Some days you don't get enough sleep and you got a lot to do on the farm. Just have to take it one step at a time. Even farm zombies have to get chores done.
Wednesday, January 25, 2012
Today, I found my best rooster dead in the adjacent coop. He was next to our new white rooster's cage. It seems the stress of having a new rooster near his flock was too much to take. Though the white rooster was kowtowing and submissive to our home rooster, the big guy just croaked. No signs of stress or battle at least from the outside. He had a great life on our farm. Now his son will take over the job of protecting the flock. Soon to share the work load with the white rooster.
Saturday, January 21, 2012
Having a farm means eventually you have to eat what you raise. We had too many roosters born over the summer and we had to cull them. This week I got to learn how to kill my own chicken and process it. I caught all four roosters and selected the red one first. Jeff is our good friend volunteered to show us how to do the deed. After a prayer of thanks for the bird; he cut the head off cleanly and swiftly and showed me how and where to cut. Then we waited for the blood to drain from the body. After about two minutes the blood slacked off and I learned how to peel the skin off the carcass. This was a young bird with a good layer of feathers and fat. Jeff explained the parts of the chicken and how to get around the cavity. Skinning allows us the skip the plucking step of the process, very messy and time consuming. I learned where all the parts are inside the chicken. He left the lungs for me to clean out on my own. The bird is now marinating and will be Sunday dinner.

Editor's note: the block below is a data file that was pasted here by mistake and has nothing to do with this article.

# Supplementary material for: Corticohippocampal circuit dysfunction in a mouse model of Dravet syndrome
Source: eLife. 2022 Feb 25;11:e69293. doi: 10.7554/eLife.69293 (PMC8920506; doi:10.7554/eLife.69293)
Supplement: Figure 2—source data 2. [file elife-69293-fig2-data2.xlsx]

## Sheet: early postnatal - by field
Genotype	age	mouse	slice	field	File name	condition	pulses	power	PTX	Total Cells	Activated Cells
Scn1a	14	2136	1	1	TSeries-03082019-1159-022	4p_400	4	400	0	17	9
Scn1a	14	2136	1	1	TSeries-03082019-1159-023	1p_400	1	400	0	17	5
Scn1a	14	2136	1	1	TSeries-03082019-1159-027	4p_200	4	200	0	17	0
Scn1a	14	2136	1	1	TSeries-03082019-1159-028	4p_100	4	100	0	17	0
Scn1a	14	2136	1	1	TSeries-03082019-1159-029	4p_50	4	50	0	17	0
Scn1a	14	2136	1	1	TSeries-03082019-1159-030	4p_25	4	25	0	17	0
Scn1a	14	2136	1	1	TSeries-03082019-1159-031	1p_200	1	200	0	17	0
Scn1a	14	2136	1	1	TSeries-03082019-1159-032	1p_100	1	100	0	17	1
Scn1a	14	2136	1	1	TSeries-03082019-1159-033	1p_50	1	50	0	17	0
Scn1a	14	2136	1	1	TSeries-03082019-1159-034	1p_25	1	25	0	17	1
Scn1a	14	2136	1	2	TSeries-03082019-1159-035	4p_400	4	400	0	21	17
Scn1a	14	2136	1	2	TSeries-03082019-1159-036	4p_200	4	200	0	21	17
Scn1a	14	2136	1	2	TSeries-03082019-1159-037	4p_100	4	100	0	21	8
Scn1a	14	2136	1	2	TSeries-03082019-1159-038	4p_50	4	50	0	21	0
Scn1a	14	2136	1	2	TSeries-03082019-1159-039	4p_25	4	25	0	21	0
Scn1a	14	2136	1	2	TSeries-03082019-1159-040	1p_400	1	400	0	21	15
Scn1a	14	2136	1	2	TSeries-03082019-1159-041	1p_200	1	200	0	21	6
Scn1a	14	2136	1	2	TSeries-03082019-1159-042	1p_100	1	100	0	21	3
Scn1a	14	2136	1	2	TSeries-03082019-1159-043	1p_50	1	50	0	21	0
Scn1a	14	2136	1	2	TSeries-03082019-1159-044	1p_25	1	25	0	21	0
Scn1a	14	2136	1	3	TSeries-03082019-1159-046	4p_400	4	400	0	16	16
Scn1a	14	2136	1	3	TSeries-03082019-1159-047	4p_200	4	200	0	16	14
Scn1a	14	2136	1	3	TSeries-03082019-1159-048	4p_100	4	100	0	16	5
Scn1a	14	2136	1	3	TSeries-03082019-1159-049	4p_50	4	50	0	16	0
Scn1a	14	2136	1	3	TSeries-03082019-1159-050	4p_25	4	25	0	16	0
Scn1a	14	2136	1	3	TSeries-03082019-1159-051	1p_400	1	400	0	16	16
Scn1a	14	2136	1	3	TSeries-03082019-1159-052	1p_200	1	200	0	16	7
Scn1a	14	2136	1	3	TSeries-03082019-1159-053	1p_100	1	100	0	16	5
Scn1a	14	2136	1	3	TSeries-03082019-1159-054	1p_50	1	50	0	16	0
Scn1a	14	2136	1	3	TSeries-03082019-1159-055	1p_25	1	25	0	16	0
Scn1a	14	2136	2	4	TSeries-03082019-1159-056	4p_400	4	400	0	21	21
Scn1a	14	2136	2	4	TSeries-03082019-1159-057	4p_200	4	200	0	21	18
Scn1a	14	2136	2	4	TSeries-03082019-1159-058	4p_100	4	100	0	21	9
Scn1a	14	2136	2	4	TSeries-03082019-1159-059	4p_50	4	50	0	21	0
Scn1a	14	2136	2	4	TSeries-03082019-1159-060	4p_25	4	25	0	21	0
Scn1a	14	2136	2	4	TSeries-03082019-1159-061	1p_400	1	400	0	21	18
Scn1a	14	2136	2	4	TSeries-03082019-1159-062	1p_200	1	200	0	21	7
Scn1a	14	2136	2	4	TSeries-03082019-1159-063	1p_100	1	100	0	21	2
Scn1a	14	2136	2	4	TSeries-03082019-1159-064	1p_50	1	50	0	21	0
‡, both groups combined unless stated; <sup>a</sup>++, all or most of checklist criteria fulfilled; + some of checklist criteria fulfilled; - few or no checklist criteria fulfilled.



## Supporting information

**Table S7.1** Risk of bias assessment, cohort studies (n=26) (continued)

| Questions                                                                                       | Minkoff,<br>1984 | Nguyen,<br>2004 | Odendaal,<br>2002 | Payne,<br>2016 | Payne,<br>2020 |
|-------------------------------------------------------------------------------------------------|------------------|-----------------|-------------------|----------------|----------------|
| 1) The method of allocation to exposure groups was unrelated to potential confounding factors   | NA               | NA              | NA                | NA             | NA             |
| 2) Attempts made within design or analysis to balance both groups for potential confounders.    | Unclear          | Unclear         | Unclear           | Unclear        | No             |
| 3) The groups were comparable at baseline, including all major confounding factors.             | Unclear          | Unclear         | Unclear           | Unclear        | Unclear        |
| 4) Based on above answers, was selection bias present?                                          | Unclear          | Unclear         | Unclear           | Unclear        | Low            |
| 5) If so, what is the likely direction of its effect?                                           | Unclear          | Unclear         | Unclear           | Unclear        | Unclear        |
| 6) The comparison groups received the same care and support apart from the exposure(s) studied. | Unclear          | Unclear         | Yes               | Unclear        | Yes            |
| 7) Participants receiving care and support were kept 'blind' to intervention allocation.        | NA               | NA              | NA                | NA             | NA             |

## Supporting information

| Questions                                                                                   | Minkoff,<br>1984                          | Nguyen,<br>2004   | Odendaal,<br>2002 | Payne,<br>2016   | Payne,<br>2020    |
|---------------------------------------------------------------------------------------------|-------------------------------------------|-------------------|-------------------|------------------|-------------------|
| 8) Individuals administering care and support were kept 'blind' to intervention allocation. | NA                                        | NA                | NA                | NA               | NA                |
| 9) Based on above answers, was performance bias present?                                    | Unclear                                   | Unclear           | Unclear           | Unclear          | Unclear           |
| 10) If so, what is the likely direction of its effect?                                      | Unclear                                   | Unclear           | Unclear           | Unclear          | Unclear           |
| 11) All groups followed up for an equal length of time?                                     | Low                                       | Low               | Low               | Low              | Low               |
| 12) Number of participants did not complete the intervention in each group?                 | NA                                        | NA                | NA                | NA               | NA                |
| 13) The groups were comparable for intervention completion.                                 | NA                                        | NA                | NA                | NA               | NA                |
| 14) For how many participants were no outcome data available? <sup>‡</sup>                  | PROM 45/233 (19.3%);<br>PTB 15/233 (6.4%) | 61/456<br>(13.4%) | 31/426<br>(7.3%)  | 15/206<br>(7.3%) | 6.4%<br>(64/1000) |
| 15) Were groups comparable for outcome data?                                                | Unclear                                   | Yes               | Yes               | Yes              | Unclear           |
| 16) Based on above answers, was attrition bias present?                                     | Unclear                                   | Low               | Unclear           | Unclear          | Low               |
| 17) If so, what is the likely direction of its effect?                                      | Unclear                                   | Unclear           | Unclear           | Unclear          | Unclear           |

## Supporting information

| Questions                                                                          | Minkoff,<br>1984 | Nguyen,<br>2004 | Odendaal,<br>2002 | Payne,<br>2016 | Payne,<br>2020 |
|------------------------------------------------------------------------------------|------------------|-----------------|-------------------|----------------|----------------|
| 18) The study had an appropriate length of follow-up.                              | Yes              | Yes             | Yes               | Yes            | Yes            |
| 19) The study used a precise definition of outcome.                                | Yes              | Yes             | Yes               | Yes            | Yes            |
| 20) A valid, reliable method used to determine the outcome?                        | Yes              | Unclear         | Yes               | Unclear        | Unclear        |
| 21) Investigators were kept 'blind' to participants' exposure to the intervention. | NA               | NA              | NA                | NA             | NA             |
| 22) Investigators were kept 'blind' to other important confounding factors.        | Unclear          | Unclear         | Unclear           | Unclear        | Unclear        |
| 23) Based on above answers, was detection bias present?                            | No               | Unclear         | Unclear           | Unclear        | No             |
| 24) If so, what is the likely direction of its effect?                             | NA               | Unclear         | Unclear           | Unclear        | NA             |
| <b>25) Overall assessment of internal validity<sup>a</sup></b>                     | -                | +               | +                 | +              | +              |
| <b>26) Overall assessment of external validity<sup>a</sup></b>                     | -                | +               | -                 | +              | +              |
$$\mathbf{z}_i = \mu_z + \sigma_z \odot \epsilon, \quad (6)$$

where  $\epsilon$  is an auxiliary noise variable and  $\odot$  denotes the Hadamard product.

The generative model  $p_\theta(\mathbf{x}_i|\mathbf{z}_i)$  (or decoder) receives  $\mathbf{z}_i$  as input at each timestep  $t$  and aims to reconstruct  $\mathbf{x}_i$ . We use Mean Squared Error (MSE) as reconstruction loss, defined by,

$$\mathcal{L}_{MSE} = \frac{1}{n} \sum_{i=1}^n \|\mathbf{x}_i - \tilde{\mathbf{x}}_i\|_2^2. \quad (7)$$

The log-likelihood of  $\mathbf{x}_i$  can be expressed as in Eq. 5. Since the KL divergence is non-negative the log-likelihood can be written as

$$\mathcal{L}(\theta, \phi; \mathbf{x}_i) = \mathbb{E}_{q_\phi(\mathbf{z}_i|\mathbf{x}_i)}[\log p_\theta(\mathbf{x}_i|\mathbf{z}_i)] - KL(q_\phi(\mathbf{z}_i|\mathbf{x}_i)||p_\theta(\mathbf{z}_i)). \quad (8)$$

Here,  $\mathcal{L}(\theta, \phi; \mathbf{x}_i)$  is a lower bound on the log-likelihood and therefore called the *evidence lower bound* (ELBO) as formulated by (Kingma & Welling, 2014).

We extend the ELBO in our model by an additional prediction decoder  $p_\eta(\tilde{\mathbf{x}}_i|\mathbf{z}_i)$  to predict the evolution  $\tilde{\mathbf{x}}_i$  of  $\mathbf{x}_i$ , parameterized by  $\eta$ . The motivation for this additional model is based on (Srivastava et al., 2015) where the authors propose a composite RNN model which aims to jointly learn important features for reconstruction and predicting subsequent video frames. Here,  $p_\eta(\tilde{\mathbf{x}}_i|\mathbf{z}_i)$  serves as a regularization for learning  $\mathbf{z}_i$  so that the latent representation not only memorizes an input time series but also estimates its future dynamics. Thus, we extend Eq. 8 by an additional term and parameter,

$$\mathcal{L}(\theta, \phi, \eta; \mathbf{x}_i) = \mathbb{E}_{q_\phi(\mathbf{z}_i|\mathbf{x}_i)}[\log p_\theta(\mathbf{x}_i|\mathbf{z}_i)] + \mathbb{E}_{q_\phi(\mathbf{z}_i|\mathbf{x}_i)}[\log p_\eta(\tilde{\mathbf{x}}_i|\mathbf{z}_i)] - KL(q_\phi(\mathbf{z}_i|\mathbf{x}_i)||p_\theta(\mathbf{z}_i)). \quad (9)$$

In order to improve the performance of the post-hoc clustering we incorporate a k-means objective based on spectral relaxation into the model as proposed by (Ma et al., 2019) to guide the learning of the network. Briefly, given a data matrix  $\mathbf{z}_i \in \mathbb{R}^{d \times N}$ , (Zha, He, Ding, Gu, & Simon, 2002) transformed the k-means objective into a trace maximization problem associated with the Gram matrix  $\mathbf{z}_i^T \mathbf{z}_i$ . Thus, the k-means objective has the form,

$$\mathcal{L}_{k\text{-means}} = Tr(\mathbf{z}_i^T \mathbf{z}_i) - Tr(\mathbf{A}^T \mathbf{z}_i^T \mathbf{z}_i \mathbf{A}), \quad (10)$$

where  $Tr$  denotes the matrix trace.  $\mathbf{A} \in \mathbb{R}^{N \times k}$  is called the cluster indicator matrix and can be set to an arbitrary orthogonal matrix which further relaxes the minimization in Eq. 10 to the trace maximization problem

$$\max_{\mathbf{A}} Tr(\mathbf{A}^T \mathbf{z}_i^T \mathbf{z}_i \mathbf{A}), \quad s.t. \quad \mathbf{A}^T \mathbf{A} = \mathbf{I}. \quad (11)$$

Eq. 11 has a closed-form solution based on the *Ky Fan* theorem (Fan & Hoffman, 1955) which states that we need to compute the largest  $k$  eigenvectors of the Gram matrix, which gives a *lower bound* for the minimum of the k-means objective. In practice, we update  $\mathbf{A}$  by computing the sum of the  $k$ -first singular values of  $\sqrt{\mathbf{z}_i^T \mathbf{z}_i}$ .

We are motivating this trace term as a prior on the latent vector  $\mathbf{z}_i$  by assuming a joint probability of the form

I learned it is messy to kill a bird, cold days are better, no bugs and a use a sharp knife you don't mind getting dirty. It was not an easy farm step but after it was done I felt good. I had a meal I raised on my farm from scratch. That bird will feed us and the scraps will feed the wildlife.
Tuesday, January 17, 2012
I have been making soups from scratch to save our health and money. Our healthy eating through reduced salt, preservatives and canned chemicals by home made. I have a great book, Nourishing Traditions, that has simple and basic recipes that are healthy. I can in glass so no chemicals there.